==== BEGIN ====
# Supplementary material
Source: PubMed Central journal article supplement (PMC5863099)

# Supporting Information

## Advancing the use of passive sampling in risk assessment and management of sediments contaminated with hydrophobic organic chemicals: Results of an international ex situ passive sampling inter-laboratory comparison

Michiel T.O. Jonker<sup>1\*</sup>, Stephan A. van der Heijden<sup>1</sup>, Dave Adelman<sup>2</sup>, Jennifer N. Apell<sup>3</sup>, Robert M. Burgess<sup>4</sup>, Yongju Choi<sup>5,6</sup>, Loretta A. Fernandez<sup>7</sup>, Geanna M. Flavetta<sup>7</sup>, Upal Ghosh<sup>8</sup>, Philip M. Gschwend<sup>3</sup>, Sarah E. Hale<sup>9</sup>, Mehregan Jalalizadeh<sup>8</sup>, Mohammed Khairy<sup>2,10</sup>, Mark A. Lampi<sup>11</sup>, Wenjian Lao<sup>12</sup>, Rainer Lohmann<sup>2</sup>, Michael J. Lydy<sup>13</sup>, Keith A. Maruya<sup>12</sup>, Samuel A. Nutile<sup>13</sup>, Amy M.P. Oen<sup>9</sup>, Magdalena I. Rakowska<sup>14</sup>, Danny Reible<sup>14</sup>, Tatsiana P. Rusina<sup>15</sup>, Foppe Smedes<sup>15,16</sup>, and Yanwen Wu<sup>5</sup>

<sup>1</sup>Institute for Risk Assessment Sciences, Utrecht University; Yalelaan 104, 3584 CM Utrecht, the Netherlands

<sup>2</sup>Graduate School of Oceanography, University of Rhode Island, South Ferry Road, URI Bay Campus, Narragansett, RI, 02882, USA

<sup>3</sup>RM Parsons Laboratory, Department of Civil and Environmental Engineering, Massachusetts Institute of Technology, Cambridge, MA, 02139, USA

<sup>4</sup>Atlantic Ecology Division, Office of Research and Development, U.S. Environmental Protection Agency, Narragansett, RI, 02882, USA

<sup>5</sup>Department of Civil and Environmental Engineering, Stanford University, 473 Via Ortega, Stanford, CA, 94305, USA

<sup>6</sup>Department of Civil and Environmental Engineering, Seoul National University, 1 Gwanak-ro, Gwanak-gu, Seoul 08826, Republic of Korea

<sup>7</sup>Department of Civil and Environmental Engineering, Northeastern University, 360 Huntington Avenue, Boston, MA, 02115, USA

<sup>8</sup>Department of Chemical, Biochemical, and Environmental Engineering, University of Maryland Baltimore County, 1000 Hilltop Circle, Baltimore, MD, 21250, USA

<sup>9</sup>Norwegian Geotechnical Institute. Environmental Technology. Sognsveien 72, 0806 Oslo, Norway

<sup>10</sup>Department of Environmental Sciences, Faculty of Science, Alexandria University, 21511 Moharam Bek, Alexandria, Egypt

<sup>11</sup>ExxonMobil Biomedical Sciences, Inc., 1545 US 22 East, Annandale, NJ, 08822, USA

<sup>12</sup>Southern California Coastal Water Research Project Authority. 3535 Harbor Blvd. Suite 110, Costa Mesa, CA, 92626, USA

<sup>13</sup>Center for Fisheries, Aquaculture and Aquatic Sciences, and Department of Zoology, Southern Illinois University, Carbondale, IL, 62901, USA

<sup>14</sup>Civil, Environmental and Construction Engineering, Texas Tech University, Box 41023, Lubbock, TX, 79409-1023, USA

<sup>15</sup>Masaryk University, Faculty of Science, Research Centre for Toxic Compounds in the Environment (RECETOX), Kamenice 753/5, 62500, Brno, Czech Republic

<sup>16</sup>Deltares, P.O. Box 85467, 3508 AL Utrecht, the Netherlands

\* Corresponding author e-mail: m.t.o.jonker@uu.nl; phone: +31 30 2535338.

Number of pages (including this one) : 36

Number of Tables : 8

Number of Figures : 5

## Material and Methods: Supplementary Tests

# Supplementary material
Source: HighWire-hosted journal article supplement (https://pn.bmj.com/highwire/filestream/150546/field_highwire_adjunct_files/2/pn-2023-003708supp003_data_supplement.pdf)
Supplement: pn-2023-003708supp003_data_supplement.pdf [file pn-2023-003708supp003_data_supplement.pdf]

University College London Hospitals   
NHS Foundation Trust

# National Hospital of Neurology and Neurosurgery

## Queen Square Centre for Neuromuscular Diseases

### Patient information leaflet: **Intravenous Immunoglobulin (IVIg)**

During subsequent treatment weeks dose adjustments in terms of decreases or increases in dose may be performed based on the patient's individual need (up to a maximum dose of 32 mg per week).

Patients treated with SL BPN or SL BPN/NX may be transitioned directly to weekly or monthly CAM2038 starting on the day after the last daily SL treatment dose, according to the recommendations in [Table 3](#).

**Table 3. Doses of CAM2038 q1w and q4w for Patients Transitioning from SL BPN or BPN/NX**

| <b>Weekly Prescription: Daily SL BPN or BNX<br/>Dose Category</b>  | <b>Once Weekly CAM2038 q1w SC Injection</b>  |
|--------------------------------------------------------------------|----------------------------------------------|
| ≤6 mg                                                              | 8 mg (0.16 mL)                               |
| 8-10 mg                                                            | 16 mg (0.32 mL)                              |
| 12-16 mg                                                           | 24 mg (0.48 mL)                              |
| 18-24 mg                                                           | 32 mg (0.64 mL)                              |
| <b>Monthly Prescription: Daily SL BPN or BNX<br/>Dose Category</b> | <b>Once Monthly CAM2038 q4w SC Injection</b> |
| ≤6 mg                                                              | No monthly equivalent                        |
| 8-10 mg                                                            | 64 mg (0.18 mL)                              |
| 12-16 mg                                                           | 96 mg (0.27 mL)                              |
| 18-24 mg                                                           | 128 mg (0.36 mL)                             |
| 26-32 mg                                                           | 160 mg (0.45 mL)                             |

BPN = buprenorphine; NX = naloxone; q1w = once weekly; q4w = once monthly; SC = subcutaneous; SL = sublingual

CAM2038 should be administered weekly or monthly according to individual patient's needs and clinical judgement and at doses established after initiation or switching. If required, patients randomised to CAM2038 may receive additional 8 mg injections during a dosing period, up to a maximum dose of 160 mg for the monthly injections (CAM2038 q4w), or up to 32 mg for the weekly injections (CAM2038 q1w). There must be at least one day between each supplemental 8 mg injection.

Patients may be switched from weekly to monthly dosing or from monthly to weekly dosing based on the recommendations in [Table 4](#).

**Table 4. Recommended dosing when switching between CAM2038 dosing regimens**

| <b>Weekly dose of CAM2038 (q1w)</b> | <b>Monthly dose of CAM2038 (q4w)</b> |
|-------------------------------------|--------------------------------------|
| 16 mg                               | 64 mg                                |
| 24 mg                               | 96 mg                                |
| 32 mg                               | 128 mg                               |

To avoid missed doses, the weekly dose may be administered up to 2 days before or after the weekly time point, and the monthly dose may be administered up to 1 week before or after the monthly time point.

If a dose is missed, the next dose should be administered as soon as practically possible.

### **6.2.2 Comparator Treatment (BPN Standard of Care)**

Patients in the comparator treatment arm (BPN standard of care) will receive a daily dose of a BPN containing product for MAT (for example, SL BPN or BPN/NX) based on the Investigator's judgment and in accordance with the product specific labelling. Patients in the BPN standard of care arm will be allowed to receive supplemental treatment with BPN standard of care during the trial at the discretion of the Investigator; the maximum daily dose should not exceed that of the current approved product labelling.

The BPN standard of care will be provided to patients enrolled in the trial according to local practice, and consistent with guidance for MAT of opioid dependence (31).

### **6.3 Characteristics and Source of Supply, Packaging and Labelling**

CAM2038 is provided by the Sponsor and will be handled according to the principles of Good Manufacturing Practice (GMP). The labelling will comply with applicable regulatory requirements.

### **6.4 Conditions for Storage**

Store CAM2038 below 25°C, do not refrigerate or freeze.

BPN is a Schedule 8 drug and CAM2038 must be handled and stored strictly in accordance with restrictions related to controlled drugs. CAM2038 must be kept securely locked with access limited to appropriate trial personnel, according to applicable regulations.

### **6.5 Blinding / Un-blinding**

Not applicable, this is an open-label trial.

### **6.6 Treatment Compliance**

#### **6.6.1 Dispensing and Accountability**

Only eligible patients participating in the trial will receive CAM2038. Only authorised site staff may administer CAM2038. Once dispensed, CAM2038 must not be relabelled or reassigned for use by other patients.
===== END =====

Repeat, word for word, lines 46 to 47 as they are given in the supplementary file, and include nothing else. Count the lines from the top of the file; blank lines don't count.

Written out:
| 8-10 mg                                                            | 64 mg (0.18 mL)                              |
| 12-16 mg                                                           | 96 mg (0.27 mL)                              |